Joan is the result of the longest interval between one novel and another of Miss Broughton's since she began to write, and it would be mere affectation to ignore the fact that it has received anything but a favourable judgment from the public and in other -quarters. A reviewer is not only a reviewer,—he hears hooka :talked of in addition to reading them, and sometimes can- not avoid hearing them talked of before he reads them. In the present instance, it seems to us that the book has been as heed- lessly condemned as it has been eagerly read, and that while its -characteristic defects are fewer in number and less grave of their kind than in her preceding works, its merits are of a higher order. The author has depicted in her latest heroine a woman so much more worthy of the interest which she is intended to inspire than her predecessors, that we felt positively sorry for Joan and dis- tinctly angry with Miss Broughton when, on reading the last page -of the third volume, we found the high-minded girl was to marry such a creature as Colonel Wolferstan. Thus the book was to have the conventional happy ending. "Don't bring your people to grief in the third volume," said a practical-minded publisher -once to a lady who was consulting him about her first novel ; "the papers won't stand it." The lady acted on his advice, and spoiled ter book; for that her people should be brought to grief in the third volume had been distinctly conditioned by the first and second. We find fault with Miss Broughton because she accepts as a happy solution of the dead-lock to which she carefully conducts Joan's. fortunes, her ultimate marriage with a man who had done her the deadly wrong, and offered her the insult of proposing that -she should go away with him, though he had married another woman almost immediately after Joan's refusal of him on a point of high and honourable feeling. We find this hard to "stand," and regard it as the principal flaw in a novel which has higher merit of a certain kind than any of the author's previous works. Joan Dering breaks off her newly- made engagement with her lover because she discovers—he having known it all along—that there is the stain of forgery upon her father's name, and Wolferstan accepts her decision. If such high- minded delicacy and sense of the need of unstained honour and respect for the mutual happiness of Wolferstan and herself were simply consistent with the character of Joan, how could she con- template the eternal remembrance, in his company, of what he would have made her, had she listened to his appeal :—"I adjure you, come to me, and show me how to believe again that there are such things as charity, reverence, high- hearted selflessness in the world ! In the atmosphere in which I live I am fast growing to disbelieve in the existence of such things. In the name of all justice, all compassion, help me to rebuild my faith !" We have quoted these lines with a double par- pose,—in order to support our own belief that Miss Broughton's deviations from propriety arise from ignorance of the reality -of the thing she writes about—how else could she possibly -conceive that a married man would in such a fashion ask a girl, whom he had ample reason to respect, to run away with him ?—and -also to illustrate one of her chief and seemi ely unconquerable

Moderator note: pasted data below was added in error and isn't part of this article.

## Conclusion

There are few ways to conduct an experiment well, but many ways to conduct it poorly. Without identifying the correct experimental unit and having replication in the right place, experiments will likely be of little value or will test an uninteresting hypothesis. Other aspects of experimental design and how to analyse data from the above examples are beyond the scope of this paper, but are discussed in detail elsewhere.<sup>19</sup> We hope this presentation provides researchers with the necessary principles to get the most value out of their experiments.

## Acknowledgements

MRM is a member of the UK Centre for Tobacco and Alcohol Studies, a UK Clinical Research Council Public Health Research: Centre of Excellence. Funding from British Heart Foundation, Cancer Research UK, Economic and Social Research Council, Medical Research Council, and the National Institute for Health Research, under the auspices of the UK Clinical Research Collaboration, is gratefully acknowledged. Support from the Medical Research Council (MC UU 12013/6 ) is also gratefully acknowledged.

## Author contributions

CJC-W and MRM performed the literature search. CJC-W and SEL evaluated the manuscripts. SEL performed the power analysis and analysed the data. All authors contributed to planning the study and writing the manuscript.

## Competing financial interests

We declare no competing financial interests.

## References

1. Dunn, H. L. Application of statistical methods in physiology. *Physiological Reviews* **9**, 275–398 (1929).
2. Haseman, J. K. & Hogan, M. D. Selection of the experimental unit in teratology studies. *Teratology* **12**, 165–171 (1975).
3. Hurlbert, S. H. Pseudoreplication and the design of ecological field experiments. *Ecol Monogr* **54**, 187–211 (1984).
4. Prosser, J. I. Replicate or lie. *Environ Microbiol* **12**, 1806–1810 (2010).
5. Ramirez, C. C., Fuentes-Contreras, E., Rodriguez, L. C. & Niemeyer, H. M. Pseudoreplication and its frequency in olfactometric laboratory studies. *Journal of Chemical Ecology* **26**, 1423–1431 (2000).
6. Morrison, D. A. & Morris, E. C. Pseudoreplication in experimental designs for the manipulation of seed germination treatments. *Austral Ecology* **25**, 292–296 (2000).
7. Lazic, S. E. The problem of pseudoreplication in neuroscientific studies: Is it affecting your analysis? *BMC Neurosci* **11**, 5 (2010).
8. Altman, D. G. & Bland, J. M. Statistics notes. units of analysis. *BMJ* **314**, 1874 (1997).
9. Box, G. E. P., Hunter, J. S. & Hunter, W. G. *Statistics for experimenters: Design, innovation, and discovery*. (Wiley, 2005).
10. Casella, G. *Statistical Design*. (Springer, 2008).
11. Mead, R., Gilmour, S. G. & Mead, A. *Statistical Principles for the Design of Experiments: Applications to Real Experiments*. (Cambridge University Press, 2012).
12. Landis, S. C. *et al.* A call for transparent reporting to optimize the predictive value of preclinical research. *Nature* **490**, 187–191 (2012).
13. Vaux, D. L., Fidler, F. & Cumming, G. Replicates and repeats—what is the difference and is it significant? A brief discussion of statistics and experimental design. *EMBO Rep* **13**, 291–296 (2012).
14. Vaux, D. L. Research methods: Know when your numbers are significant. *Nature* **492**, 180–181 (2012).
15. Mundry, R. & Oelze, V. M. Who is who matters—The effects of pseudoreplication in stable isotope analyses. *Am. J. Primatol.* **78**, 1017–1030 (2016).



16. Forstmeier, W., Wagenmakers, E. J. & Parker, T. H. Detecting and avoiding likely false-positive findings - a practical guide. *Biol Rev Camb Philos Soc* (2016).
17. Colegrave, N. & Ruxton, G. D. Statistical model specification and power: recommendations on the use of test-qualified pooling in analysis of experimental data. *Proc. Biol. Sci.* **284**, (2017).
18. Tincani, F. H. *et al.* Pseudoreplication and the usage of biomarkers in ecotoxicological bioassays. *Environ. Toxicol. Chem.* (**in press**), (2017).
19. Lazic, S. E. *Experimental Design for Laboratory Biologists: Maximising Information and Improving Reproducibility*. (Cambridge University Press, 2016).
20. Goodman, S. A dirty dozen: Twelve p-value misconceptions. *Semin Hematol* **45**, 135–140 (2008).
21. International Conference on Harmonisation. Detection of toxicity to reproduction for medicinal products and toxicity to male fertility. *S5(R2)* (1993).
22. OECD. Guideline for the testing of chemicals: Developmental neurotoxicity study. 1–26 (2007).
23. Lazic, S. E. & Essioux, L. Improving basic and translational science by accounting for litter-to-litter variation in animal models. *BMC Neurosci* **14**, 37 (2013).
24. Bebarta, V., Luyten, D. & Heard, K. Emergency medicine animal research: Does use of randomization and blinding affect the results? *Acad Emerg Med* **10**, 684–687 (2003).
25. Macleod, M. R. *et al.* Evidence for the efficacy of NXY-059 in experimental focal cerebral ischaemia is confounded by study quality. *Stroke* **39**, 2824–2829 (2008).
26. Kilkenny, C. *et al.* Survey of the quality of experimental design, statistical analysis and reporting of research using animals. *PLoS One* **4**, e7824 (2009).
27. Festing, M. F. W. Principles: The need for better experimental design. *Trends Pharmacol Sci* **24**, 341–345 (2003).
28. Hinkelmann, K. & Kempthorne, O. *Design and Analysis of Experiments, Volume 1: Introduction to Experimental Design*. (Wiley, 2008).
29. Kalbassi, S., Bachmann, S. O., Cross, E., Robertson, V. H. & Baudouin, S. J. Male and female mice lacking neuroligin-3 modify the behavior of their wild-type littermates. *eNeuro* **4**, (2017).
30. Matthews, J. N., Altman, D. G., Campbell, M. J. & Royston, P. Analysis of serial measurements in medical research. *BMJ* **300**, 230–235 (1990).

weaknesses. No man of Miss Broughton's depicting is anything but worthless ; she makes absurd dashes at descriptions of dreadfully